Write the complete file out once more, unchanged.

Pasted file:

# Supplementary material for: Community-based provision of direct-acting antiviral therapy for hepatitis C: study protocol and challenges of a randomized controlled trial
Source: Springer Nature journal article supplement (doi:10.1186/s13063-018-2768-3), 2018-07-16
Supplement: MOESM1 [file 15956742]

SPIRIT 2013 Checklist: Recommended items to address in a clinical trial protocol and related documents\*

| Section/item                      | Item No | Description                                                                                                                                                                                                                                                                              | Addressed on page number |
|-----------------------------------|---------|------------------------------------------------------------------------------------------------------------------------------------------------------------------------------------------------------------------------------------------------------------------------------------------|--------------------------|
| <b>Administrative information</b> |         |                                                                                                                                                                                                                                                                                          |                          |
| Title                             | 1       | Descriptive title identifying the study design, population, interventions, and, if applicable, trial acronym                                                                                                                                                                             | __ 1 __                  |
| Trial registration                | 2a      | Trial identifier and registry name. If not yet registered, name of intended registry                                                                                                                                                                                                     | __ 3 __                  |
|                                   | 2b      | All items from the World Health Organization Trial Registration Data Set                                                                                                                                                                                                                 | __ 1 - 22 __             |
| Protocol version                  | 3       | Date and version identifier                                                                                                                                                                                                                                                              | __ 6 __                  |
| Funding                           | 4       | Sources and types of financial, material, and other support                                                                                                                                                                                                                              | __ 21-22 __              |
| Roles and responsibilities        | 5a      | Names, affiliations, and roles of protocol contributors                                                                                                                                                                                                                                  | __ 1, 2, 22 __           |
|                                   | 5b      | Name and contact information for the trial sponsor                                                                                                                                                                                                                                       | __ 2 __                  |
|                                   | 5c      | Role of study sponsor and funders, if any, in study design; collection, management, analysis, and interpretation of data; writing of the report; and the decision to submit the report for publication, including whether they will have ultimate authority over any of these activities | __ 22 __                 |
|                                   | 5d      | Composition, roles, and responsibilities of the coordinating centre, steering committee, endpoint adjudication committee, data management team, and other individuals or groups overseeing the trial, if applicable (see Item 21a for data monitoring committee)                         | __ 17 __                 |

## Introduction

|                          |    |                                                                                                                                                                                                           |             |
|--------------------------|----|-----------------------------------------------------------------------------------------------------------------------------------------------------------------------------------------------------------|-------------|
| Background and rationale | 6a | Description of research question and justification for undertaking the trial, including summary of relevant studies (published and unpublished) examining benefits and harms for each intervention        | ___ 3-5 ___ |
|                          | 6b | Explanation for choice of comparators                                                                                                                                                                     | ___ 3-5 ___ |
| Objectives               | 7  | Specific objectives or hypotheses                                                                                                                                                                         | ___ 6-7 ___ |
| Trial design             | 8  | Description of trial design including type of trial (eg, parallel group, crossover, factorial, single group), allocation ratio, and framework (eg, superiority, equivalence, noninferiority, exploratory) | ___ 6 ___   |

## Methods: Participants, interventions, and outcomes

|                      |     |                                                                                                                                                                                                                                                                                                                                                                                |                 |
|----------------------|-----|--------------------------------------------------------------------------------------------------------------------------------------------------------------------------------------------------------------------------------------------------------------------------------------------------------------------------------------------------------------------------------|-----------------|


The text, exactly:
# Supplementary material for: Community-based provision of direct-acting antiviral therapy for hepatitis C: study protocol and challenges of a randomized controlled trial
Source: Springer Nature journal article supplement (doi:10.1186/s13063-018-2768-3), 2018-07-16
Supplement: MOESM1 [file 15956742]

SPIRIT 2013 Checklist: Recommended items to address in a clinical trial protocol and related documents\*

| Section/item                      | Item No | Description                                                                                                                                                                                                                                                                              | Addressed on page number |
|-----------------------------------|---------|------------------------------------------------------------------------------------------------------------------------------------------------------------------------------------------------------------------------------------------------------------------------------------------|--------------------------|
| <b>Administrative information</b> |         |                                                                                                                                                                                                                                                                                          |                          |
| Title                             | 1       | Descriptive title identifying the study design, population, interventions, and, if applicable, trial acronym                                                                                                                                                                             | __ 1 __                  |
| Trial registration                | 2a      | Trial identifier and registry name. If not yet registered, name of intended registry                                                                                                                                                                                                     | __ 3 __                  |
|                                   | 2b      | All items from the World Health Organization Trial Registration Data Set                                                                                                                                                                                                                 | __ 1 - 22 __             |
| Protocol version                  | 3       | Date and version identifier                                                                                                                                                                                                                                                              | __ 6 __                  |
| Funding                           | 4       | Sources and types of financial, material, and other support                                                                                                                                                                                                                              | __ 21-22 __              |
| Roles and responsibilities        | 5a      | Names, affiliations, and roles of protocol contributors                                                                                                                                                                                                                                  | __ 1, 2, 22 __           |
|                                   | 5b      | Name and contact information for the trial sponsor                                                                                                                                                                                                                                       | __ 2 __                  |
|                                   | 5c      | Role of study sponsor and funders, if any, in study design; collection, management, analysis, and interpretation of data; writing of the report; and the decision to submit the report for publication, including whether they will have ultimate authority over any of these activities | __ 22 __                 |
|                                   | 5d      | Composition, roles, and responsibilities of the coordinating centre, steering committee, endpoint adjudication committee, data management team, and other individuals or groups overseeing the trial, if applicable (see Item 21a for data monitoring committee)                         | __ 17 __                 |

## Introduction

|                          |    |                                                                                                                                                                                                           |             |
|--------------------------|----|-----------------------------------------------------------------------------------------------------------------------------------------------------------------------------------------------------------|-------------|
| Background and rationale | 6a | Description of research question and justification for undertaking the trial, including summary of relevant studies (published and unpublished) examining benefits and harms for each intervention        | ___ 3-5 ___ |
|                          | 6b | Explanation for choice of comparators                                                                                                                                                                     | ___ 3-5 ___ |
| Objectives               | 7  | Specific objectives or hypotheses                                                                                                                                                                         | ___ 6-7 ___ |
| Trial design             | 8  | Description of trial design including type of trial (eg, parallel group, crossover, factorial, single group), allocation ratio, and framework (eg, superiority, equivalence, noninferiority, exploratory) | ___ 6 ___   |

## Methods: Participants, interventions, and outcomes

|                      |     |                                                                                                                                                                                                                                                                                                                                                                                |                 |
|----------------------|-----|--------------------------------------------------------------------------------------------------------------------------------------------------------------------------------------------------------------------------------------------------------------------------------------------------------------------------------------------------------------------------------|-----------------|